VoIP's ability to help call centers more effectively and efficiently manage geographically dispersed agents is a key reason for expected growth.
Posted Aug 15, 2006
The penetration of VoIP into the contact center, although continuing to improve, has been sluggish, but substantial uptake is on the horizon according to a report by Yankee Group: VoIP adoption in North American contact centers will jump from about 17 percent in 2005 to more than 47 percent by the end of 2007. The findings of the report, "Migration Costs, Vendor Loyalty and Need for 'Agents Anywhere' Define Contact Center VoIP Adoption Plans," are based on Yankee's survey of 351 contact center decision makers in the U.S. and Canada.
The forecasted adoption rate of more than 47 percent is attributable to the additional 21 percent that plan to adopt within 12 months and the 9 percent that plan to deploy within 24 months. But another 38 percent of respondents are researching and investigating VoIP, according to the report, which indicates that the VoIP penetration rate will grow even more dramatically as these investigations drive future conversion decisions. "It shows a difference from 'should I implement VoIP' to 'when should I,'" says Ken Landoline, customer centric strategies senior analyst at Yankee Group. The remaining 15 percent have no plans to adopt VoIP.
As expected, smaller contact centers appear to be the segment size least attracted to VoIP. Sixty-six percent of centers with fewer than 15 seats and 56 percent of centers with 15 to 50 seats haven't deployed VoIP. As center size increases, though, so does interest. Centers with 51 to 150 seats and 151 to 500 seats each contend that about 32 percent of them have no VoIP activity, while 28 percent of centers with more than 500 agents have no VoIP deployments.
The primary motives behind shifting from time division multiplex (TDM) to VoIP environments, according to survey results, are to more cheaply and flexibly manage networking multiple sites, connect remote agents, and boost agent utilization across multiple sites--essentially creating an "agents anywhere" environment, Landoline says. "They want the ability to have agents anywhere and tie them together in a unified manner. When a call comes in you can get that call to the proper agent no matter where they are in your system--call center A, call center B, or working remotely from home."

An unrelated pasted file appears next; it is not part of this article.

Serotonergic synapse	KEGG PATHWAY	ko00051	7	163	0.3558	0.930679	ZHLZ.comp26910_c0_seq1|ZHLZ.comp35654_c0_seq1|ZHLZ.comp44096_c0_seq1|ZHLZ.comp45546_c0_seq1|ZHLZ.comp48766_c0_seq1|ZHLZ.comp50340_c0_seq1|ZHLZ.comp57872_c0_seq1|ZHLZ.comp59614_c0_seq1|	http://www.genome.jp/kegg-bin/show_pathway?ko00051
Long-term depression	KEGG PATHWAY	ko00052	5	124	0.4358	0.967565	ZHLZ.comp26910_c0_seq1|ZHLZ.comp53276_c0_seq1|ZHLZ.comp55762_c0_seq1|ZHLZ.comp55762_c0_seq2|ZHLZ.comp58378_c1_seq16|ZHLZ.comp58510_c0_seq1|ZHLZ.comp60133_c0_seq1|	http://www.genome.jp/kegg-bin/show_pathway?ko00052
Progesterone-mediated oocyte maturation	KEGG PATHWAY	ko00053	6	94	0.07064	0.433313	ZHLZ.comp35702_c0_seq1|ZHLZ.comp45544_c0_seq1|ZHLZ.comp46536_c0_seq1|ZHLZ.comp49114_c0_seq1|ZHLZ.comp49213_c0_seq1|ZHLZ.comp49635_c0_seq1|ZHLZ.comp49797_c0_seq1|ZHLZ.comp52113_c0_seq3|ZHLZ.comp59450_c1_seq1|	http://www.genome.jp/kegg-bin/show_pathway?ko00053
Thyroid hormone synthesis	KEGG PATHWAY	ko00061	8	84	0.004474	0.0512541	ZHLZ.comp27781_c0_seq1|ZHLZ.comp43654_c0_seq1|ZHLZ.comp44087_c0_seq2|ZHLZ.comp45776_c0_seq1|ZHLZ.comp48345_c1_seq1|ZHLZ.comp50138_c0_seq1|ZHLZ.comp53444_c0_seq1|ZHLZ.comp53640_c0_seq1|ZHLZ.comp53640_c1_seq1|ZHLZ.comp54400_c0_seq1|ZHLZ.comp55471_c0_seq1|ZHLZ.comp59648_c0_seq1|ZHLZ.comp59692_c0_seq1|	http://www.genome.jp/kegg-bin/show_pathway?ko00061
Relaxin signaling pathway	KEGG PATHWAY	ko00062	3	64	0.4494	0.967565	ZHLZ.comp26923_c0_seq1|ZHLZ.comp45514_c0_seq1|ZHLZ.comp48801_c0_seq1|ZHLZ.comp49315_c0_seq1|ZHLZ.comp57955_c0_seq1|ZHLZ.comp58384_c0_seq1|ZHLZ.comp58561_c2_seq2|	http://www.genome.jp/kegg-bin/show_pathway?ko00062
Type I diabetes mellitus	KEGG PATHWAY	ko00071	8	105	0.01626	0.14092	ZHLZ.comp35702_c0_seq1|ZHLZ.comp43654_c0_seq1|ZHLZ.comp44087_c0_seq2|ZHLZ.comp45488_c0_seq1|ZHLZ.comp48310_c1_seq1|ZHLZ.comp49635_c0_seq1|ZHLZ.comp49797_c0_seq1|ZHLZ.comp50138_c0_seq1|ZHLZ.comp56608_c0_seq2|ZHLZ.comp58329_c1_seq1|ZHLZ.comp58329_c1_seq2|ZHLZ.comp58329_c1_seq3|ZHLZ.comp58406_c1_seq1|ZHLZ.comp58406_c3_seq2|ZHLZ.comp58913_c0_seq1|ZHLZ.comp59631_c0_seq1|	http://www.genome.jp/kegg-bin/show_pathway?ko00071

Aside from deployment plan findings the report also examines vendor selection implications. Forty-four percent of respondents selected hardware/software vendors (like Avaya, Mitel, Nortel, and Siemens) as their preferred channel of purchase, followed by telecommunications companies (like AT&T and Verizon) with 40 percent. Cisco (almost 50 percent), Nortel (31 percent), Avaya/Lucent (25 percent), and 3Com (20 percent) were mentioned most often as likely to be involved in VoIP implementation efforts in the next three years. Siemens/ROLM and Alcatel each received slightly more than 10 percent of the vote.
Although the projected uptake in VoIP implementations looks promising, end-user organizations still have concerns: The top-three among survey respondents are high upfront costs associated with migrating from their traditional systems to VoIP, uncertain voice quality, and security concerns. Landoline says, "Vendors selling VoIP products and services need to emphasize and clarify those points in their presentations to the customers."
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